(*pThis)->T8003_VirtualObject::T8003_Ctor_VirtualObject(pThread, (T8003_VirtualObject**)pThis);
    
    IL_0006: // nop
    IL_0007: // nop
    IL_0008: // ldarg.0
        temp24 = pThis;
    
    IL_0009: // ldarg.1
        temp25 = pStr;
    
    IL_000a: // stfld: Char* m_buffer
        (*pThis)->m_buffer = pStr;
    
    IL_000f: // ldarg.0
        temp26 = pThis;
    
    IL_0010: // ldc.i4.0
    IL_0011: // stfld: UInt16 m_length
        (*pThis)->m_length = 0;
    
    IL_0016: // ldarg.0
        temp27 = pThis;
    
    IL_0017: // ldfld: Char* m_buffer
        temp28 = (*pThis)->m_buffer;
    
    IL_001c: // ldc.i4.0
    IL_001d: // conv.u
        temp29 = (Int32)(UInt32)(0);
    
    IL_001e: // ceq
        temp30 = (temp28 == (Char*)temp29);
    
    IL_0020: // ldc.i4.0
    IL_0021: // ceq
        temp31 = (temp30 == 0);
    
    IL_0023: // stloc.0
        local0 = temp31;
    
    IL_0024: // ldloc.0
        temp32 = local0;
    
    IL_0025: // brtrue.s: 2
        if (temp32 != 0)
            goto IL_0029;
    
    IL_0027: // br.s: 36
        goto IL_004d;
    
    IL_0029: // br.s: 15
        goto IL_003a;
    
    IL_002b: // ldarg.0
        temp33 = pThis;
    
    IL_002c: // dup
        (*temp34) = *(pThis);
    
    IL_002d: // ldfld: UInt16 m_length
        temp35 = (*temp34)->m_length;
    
    IL_0032: // ldc.i4.1
    IL_0033: // add
        temp36 = ((Int32)temp35 + 1);
    
    IL_0034: // conv.u2
        temp37 = (Int32)(UInt16)(temp36);
    
    IL_0035: // stfld: UInt16 m_length
        (*pThis)->m_length = temp37;
    
    IL_003a: // ldarg.1
        temp38 = pStr;
    
    IL_003b: // dup
        temp39 = pStr;
    
    IL_003c: // ldc.i4.2
    IL_003d: // conv.i
        temp40 = (Int32)2;
    
    IL_003e: // add
        temp41 = ((Int32)temp39 + temp40);
    
    IL_003f: // starg.s: Char* pStr
        pStr = (Char*)(temp41);
    
    IL_0041: // ldind.u2
        temp42 = ((UInt16)*(UInt16*)pStr);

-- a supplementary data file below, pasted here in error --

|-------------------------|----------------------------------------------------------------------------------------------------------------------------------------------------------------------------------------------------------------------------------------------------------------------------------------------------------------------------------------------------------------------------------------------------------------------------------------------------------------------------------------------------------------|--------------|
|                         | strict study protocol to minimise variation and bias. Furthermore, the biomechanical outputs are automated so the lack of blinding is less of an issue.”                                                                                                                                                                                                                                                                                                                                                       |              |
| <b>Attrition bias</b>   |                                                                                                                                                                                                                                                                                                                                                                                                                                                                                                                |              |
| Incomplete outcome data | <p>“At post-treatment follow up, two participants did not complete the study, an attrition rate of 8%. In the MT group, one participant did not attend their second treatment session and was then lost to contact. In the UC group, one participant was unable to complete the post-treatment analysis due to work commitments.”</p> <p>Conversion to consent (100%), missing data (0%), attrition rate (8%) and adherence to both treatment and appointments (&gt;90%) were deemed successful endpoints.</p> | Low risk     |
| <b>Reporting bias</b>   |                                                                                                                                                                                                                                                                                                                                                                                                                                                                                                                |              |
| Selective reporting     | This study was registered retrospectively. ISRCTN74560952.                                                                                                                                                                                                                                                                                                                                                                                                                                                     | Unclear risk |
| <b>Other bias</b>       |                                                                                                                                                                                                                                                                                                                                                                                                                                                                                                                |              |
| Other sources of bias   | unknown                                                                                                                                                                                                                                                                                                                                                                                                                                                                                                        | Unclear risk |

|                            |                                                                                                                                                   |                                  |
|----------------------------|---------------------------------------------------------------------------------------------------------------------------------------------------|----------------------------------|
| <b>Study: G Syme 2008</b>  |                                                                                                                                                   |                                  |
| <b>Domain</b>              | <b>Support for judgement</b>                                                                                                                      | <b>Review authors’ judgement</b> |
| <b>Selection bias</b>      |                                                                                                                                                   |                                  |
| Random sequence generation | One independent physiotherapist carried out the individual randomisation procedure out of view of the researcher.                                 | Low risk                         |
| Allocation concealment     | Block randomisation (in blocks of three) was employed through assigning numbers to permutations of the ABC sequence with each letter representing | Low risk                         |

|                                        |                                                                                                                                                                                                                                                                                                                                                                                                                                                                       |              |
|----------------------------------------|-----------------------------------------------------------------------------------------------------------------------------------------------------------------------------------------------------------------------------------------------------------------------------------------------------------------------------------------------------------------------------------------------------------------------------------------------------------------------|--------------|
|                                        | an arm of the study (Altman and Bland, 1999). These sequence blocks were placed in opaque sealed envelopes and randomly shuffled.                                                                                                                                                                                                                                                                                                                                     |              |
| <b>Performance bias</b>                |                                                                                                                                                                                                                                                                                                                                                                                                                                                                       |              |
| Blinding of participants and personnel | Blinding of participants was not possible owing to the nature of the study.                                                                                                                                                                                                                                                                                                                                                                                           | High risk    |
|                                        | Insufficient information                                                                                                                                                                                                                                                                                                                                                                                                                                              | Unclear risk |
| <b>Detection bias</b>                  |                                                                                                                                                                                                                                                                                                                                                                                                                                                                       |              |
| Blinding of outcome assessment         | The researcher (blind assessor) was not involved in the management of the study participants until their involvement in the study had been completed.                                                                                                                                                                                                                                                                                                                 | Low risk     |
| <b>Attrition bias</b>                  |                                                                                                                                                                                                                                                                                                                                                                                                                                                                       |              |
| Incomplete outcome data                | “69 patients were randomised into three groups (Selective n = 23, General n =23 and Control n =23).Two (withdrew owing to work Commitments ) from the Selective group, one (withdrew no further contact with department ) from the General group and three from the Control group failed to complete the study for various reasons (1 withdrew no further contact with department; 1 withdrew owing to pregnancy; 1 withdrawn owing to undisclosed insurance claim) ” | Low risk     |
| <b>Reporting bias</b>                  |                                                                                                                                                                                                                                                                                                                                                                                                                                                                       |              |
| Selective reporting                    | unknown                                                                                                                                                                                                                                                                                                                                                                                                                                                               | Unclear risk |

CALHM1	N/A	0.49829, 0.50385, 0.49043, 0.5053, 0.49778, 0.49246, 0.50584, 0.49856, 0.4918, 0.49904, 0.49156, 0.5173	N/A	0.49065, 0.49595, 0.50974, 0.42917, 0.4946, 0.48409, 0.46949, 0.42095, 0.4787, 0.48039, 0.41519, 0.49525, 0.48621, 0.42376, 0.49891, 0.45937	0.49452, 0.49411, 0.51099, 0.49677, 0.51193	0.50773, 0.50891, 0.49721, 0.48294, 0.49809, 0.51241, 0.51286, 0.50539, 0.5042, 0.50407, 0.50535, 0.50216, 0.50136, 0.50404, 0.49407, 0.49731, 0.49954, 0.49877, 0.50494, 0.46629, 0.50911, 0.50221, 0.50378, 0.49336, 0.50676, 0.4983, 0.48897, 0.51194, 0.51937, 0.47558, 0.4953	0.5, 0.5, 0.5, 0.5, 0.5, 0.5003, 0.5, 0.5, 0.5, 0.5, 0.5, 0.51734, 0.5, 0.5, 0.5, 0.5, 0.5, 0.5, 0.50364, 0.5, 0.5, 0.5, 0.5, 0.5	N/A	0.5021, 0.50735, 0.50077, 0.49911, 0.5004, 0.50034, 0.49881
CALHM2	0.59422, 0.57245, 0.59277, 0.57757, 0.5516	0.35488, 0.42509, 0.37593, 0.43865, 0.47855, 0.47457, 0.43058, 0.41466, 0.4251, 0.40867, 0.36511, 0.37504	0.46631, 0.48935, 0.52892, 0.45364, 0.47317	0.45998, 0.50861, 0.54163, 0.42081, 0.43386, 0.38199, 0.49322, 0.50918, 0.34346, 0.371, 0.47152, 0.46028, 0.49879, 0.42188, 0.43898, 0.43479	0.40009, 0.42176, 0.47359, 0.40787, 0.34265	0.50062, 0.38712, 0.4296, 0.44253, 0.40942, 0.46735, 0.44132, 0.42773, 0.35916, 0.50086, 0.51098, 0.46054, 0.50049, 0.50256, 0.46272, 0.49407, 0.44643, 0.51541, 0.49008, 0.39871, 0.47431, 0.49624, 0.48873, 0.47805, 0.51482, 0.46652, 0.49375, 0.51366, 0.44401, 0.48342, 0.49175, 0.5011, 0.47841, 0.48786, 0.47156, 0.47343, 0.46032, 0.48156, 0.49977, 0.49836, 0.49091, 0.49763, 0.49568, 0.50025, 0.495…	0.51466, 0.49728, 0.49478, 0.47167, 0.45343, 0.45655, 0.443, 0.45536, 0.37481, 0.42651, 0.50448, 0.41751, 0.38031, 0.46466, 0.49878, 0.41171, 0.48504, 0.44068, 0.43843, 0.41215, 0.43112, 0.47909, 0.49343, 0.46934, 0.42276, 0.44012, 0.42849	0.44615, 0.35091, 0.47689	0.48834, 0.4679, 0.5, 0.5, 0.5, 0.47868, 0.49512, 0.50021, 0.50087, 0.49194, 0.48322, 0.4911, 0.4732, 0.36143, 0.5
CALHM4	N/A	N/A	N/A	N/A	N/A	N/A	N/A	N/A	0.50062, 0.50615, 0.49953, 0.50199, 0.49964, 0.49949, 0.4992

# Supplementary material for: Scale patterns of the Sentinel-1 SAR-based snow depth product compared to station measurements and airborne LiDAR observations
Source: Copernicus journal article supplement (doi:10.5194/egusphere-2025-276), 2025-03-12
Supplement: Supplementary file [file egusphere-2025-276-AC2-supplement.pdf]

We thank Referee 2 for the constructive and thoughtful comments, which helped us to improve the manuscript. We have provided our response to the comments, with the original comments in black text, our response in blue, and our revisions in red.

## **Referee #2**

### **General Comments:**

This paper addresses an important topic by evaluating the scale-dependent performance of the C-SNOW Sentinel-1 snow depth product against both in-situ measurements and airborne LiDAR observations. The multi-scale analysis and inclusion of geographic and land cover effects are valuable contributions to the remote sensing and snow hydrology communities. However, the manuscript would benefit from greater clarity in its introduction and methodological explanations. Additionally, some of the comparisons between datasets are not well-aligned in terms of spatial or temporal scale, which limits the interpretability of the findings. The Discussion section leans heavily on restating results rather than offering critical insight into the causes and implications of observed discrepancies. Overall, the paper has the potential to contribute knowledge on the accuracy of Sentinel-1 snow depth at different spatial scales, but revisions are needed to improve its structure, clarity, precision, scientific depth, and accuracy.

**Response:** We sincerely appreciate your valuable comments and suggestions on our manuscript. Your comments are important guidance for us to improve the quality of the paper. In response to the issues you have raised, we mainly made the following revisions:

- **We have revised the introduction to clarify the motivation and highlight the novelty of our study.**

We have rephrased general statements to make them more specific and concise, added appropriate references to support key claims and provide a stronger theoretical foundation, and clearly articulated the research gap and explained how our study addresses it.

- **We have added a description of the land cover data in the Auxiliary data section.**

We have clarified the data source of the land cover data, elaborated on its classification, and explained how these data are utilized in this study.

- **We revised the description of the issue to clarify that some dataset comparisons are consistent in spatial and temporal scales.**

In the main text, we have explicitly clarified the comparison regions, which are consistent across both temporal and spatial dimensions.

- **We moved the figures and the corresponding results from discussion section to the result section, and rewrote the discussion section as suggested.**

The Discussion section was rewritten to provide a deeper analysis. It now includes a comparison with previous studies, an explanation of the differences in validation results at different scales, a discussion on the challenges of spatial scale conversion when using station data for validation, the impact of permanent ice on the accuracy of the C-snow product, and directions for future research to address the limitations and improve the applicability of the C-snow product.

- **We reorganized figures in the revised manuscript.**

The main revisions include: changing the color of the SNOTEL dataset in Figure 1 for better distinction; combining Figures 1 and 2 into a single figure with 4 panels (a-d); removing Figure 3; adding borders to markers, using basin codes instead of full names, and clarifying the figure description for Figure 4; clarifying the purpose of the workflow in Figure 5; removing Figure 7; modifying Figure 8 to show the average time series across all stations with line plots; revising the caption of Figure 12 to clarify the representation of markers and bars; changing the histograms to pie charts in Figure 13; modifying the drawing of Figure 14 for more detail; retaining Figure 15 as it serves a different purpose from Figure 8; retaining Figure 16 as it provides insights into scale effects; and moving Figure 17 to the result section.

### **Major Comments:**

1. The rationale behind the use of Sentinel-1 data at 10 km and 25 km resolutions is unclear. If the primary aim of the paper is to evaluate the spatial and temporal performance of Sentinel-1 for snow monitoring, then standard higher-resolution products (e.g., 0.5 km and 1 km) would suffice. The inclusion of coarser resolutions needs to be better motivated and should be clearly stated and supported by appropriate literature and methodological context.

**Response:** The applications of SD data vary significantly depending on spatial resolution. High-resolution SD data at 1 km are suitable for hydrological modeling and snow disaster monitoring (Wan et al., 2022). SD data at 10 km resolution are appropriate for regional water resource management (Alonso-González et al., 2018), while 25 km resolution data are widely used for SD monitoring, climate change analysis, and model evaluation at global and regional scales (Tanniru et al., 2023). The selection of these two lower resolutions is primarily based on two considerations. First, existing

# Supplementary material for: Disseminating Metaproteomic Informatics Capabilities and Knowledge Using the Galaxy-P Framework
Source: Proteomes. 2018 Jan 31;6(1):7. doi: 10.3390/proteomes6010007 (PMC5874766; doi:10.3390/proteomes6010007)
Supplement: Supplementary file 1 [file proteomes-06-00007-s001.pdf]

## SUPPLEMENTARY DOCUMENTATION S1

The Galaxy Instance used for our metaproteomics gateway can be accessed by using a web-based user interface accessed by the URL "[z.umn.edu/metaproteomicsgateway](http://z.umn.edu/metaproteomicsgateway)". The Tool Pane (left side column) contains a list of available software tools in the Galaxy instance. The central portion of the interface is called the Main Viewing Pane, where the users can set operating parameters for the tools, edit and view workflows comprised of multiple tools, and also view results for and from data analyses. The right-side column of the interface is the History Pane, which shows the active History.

IL_0042: // ldc.i4.0
    IL_0043: // ceq
        temp43 = (temp42 == (UInt16)0);
    
    IL_0045: // ldc.i4.0
    IL_0046: // ceq
        temp44 = (temp43 == 0);
    
    IL_0048: // stloc.0
        local0 = temp44;
    
    IL_0049: // ldloc.0
        temp45 = local0;
    
    IL_004a: // brtrue.s: -33
        if (temp45 != 0)
            goto IL_002b;
    
    IL_004c: // nop
    IL_004d: // ret
        goto Exit;
    
    Exit:
        pThread->StackPointer -= 12;
    }

  • User profile image
    Dexter

    I'm baffled. How did your compiler generate this line?

    IL_0041: // ldind.u2
    temp42 = ((UInt16)*(UInt16*)pStr);

    Since we talk that the stack contains values and not variables, how did pStr got in this statement? It should be temp38 instead.

  • User profile image
    BitFlipper

    ,Dexter wrote

    I'm baffled. How did your compiler generate this line?

    1
    2
    IL_0041: // ldind.u2
    temp42 = ((UInt16)*(UInt16*)pStr);

    Since we talk that the stack contains values and not variables, how did pStr got in this statement? It should be temp38 instead.

    Yea good question. I reverted the changes I made to generate the temp variables because that was obviously not the ultimate solution.

    My current idea is to load the variable names onto the stack just like I did before, but then when the variable gets popped, to step back through all of the previous instructions (up until the point it got pushed) and see if anything modified the variable since it was pushed. If so, it will go back and swap it out for a temp variable. It will also swap it out for a temp variable if any instructions inbetween are targets for any branch instruction (in case other code modified the variable).

    The above solution should cut down dramatically on the number of temp locals. But now until I implement that, I might not be able to get back to this problem.